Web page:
Type I neurofibromatosis (NF-1) or VRD is known to cause SH. It is an autosomal dominant disease with an occurrence rate of 1 in 3,000 (11). Its prevalence is similar in all races and sexes, and is usually diagnosed in adulthood, since its clinical characteristics develop throughout life. This entity can affect any organ system, especially connective, nervous and vascular tissues, and is characterized by skin tumors and abnormal cutaneous pigmentation. Two main pathogenetic mechanism have been advocated for vasculopathy associated with VRD: (I) direct vascular invasion from adjacent tumors such as schwannoma, neurofibroma, or neurofibrosarcoma (12); and (II) vascular dysplasia with thickening and concomitant reduced strength of the vessel wall and aneurysm formation (13). Invasive tissue leads to compression of the vasa vasorum with subsequent ischemia and weakness of blood vessels. Small vessel damage is due to dysplasia of the wall due to proliferation of the intimae and muscolaris, loss of the media and fibrosis of the adventitia. This initiates a stenosis of the vessel wall, potentiating vessel wall weakness and friability with subsequent risk of rupture.Vascular dysplasia often causes thickening and concomitant reduced strength of the vessel wall leading to aneurysm formation.
Treatment options are dependent on the patient’s hemodynamic stability. Endovascular embolization is indicated if there is hemodynamic stability. As an alternative, thoracotomy with surgical ligation is indicated in cases of active bleeding, with associated hemodynamic compromise. Regarding the prognosis of NF-1 in patients with haemothorax, the disease mortality is 36% and postoperative mortality is 33%. Recently published cases suggest that coil embolization offers the best results (11).
Rendu-Osler-Weber syndrome, also known as hereditary hemorrhagic telangiectasia (HHT), is an autosomal dominant hemorrhagic disorder characterized by multiple cutaneous, systemic, and/or pulmonary arteriovenous malformations (AVMs). Almost invariably, the patients have epistaxis, but bleeding may occur from any AVM site. Bleeding from pulmonary lesions usually occur as haemoptysis and rarely as SH. Only a few fatal cases of such rare presentation of this syndrome have been reported (14). The pulmonary complications of Rendu-Osler-Weber syndrome were first recognized in 1917, 20 years after the first report of pulmonary AVM. For unknown reasons, pulmonary AVMs, which may be congenital or acquired, are more common on the left side and occur most commonly in the left lower lobe. Through these vessels, blood is shunted (usually from branches of the pulmonary artery) into the pulmonary veins. Rupture of an AVM may occur at any age and is not absolutely dependent on the size of the lesion. Rupture and other combination are more common in women. About 15% of patients with Rendu-Osler-Weber syndrome have pulmonary arteriovenous fistulas, and intrabronchial rupture, has been reported in 8% to 25%. Intrapleural rupture with consequent haemothorax is a less common and potentially fatal combination. Once pulmonary AVM has bled, it should be treated aggressively with either surgical resection or embolization as soon as possible to prevent life threatening rupture of the lesion. Until the late 1970s, the treatment of choice for pulmonary AVM was surgical resection or ligation of the arteriovenous fistula. When emergency local excision or segmental resection of the lesion could not be performed due to precarious health conditions or the occurrence of multiple lesions, lobectomy or pneumectomy represents a salvage option. Nowadays, embolotherapy appears to be the preferred treatment modality, since it preserves lung function and minimizes morbidity associated with thoracotomy or lung resection (15).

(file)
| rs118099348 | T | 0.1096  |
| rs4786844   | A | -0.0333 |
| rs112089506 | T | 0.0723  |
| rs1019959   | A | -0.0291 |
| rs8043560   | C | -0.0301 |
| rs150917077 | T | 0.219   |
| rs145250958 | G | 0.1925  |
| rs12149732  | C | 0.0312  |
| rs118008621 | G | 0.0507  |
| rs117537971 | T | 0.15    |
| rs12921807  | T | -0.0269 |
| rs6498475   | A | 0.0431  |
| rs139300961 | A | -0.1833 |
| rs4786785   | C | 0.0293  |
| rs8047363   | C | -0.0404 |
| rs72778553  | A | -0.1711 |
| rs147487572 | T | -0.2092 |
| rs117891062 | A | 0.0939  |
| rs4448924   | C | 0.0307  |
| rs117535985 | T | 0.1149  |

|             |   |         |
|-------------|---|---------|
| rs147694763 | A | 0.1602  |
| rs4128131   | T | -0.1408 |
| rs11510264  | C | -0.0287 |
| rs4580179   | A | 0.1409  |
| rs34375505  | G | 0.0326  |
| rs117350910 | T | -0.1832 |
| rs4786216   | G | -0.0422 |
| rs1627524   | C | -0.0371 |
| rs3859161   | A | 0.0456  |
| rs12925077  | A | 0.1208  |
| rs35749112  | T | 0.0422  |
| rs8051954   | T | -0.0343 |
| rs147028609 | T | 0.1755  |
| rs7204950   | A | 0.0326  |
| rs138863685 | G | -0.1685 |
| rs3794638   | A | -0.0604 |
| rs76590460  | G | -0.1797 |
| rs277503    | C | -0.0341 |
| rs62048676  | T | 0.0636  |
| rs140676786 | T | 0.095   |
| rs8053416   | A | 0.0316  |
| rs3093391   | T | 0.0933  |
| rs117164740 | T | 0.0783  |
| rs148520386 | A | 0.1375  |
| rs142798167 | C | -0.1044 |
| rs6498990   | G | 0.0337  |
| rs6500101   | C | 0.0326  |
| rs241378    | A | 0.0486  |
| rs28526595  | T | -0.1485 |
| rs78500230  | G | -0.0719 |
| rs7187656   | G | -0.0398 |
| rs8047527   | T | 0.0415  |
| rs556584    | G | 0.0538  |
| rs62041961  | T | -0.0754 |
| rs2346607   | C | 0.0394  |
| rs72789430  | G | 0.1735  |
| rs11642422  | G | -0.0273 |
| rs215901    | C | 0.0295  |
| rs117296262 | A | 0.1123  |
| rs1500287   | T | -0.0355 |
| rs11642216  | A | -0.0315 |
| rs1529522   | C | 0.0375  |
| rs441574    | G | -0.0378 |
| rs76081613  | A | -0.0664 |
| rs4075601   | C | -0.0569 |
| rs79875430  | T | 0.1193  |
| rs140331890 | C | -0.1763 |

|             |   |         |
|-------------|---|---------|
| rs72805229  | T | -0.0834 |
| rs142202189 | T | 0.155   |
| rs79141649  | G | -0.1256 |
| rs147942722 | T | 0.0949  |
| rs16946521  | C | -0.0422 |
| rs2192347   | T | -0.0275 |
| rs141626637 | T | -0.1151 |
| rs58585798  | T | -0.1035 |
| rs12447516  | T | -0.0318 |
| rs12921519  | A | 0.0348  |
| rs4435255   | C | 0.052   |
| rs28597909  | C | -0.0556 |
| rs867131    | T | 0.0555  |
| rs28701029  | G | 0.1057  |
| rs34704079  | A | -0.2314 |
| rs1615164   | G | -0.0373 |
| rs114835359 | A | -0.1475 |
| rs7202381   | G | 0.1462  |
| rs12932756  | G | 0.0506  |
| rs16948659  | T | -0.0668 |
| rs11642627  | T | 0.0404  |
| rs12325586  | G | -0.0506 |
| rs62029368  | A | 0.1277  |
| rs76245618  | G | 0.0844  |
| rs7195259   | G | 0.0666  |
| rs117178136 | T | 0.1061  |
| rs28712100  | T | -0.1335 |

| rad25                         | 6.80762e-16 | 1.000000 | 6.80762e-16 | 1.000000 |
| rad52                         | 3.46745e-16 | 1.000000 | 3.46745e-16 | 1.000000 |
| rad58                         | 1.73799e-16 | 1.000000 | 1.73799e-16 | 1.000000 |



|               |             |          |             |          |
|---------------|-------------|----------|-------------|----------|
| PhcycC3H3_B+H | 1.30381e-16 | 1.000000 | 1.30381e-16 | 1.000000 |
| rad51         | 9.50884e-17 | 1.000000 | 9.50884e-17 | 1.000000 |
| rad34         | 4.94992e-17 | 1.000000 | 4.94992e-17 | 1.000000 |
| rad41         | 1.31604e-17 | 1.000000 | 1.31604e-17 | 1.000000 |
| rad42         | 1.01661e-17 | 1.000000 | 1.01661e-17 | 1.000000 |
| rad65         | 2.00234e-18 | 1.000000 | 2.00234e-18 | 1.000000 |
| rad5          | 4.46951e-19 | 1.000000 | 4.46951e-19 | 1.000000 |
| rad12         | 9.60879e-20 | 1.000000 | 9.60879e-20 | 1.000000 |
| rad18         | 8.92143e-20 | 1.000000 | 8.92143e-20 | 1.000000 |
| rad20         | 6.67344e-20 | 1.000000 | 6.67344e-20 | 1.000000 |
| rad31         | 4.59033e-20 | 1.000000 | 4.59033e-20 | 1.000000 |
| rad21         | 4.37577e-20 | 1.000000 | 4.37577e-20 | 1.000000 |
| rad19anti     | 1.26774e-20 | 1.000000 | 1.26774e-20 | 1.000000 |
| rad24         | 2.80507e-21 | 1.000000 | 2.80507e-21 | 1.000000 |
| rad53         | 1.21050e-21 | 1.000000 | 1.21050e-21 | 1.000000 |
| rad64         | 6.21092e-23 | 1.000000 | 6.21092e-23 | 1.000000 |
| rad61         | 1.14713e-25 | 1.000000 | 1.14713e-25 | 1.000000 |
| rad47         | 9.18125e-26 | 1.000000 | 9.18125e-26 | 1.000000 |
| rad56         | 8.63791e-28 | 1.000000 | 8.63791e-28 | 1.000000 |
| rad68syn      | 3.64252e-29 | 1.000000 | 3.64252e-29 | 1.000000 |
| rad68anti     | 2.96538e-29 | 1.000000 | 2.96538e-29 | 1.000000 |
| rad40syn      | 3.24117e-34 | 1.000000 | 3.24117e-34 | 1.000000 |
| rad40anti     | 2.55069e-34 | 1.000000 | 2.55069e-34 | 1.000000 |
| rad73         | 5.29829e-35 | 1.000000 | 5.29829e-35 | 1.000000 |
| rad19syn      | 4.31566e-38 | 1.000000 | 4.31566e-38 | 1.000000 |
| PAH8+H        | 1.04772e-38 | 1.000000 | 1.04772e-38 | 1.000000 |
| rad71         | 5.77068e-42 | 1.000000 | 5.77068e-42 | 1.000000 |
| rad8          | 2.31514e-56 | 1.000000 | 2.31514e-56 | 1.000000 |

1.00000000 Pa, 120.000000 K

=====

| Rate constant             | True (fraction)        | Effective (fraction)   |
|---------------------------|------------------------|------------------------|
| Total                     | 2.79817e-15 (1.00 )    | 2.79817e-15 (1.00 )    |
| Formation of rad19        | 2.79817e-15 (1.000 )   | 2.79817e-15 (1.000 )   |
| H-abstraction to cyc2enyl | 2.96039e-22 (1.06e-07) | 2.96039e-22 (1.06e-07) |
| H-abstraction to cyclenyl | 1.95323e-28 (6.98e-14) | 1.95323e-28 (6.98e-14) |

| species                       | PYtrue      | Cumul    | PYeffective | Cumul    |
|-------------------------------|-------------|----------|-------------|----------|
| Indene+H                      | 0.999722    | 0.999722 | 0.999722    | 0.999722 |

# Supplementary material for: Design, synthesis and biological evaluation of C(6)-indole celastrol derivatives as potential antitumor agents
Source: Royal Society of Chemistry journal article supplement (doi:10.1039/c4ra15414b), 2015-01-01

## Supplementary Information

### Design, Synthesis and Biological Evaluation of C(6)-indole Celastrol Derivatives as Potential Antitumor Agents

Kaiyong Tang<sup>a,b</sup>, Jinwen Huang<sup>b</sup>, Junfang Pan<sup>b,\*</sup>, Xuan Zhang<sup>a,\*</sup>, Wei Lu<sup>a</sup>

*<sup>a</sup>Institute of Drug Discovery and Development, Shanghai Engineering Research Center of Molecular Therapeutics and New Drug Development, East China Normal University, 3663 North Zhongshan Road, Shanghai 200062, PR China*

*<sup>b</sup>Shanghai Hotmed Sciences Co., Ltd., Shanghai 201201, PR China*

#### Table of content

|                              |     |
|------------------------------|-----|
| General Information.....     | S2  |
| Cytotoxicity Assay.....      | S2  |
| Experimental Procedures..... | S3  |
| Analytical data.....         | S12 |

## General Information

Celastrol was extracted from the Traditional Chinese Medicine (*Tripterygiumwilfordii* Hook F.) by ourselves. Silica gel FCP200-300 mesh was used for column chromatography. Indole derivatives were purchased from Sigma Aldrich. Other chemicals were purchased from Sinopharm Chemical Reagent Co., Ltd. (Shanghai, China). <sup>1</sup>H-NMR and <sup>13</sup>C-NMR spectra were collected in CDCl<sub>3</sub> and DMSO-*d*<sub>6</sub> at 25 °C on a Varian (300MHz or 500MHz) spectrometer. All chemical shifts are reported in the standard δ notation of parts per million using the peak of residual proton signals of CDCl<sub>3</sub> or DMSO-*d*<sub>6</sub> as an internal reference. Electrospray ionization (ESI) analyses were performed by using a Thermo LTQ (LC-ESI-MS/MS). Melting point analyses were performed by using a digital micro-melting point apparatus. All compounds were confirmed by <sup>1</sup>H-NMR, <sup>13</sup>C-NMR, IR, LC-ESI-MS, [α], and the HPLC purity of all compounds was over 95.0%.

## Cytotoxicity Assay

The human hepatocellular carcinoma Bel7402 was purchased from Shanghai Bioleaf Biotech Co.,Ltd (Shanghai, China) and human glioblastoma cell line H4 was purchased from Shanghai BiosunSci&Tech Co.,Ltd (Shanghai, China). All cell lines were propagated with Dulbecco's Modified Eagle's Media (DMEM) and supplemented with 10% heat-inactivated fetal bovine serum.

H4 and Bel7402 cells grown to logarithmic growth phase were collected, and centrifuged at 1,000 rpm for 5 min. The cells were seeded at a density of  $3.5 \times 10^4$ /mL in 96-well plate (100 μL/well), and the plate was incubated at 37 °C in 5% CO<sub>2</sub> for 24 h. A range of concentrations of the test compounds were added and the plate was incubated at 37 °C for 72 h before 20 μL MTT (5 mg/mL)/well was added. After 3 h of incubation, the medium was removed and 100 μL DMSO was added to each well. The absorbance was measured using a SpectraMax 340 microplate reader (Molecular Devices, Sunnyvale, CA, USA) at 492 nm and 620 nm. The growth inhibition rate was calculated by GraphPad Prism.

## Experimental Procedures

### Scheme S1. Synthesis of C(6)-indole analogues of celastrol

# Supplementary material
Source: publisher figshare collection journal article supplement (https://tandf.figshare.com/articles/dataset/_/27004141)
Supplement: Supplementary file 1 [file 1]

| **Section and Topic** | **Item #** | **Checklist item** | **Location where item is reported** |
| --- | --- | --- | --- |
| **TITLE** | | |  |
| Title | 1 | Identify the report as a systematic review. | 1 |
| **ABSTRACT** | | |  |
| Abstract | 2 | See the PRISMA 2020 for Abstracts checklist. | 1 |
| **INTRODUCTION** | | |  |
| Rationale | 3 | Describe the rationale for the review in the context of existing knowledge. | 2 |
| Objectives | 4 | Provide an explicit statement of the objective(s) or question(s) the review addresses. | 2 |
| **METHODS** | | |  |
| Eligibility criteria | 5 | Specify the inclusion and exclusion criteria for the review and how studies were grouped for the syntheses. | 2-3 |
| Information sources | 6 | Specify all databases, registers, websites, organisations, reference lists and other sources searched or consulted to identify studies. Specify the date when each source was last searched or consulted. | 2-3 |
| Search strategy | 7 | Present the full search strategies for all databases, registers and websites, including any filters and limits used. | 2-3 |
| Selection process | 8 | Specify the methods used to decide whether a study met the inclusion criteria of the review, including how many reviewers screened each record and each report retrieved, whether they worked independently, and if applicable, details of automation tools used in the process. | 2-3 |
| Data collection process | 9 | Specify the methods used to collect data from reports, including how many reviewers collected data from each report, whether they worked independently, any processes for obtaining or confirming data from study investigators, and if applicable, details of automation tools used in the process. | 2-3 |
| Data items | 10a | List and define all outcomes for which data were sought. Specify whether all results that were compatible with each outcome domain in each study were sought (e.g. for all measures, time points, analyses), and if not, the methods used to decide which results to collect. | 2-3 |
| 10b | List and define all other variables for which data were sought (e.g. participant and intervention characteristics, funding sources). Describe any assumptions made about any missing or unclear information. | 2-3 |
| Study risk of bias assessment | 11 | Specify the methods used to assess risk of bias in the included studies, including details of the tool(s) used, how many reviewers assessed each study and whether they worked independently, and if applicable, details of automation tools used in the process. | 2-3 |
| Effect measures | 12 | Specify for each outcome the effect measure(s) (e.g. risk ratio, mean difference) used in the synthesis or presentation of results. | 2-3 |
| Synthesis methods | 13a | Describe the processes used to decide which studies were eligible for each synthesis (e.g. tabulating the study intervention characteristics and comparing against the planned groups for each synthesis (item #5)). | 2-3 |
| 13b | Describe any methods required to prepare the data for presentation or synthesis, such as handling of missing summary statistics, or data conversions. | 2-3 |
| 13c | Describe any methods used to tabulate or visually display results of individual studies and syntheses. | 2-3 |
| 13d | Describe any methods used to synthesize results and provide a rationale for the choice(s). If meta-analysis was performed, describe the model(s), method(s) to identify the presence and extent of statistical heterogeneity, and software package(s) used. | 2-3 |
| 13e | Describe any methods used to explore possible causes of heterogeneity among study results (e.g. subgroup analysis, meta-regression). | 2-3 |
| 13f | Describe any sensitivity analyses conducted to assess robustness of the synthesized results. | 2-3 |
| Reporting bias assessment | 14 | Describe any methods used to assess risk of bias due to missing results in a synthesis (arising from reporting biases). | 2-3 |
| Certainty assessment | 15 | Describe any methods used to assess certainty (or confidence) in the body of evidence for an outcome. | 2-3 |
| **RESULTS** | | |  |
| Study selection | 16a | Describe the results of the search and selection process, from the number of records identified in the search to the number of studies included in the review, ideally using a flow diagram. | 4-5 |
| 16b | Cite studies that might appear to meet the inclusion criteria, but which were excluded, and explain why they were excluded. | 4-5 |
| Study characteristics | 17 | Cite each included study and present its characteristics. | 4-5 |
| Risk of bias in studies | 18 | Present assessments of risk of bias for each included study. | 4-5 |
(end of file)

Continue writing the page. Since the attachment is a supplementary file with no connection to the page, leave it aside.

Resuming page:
Angiosarcoma is a rare malignant vascular tumor that accounts for <2% of al sarcomas. It usually occurs in middle aged patients, and the most common locations of the primary tumor are the skin, heart, liver, spleen, bone and GI tract. Symptoms are closely related to tumor location. The most common metastatic site for angiosarcoma is the lung. Its development can be rapid. Since the pleural effusion is directly related to pleural invasion, it usually has a bloody appearance with high hematocrit value also containing neoplastic cells.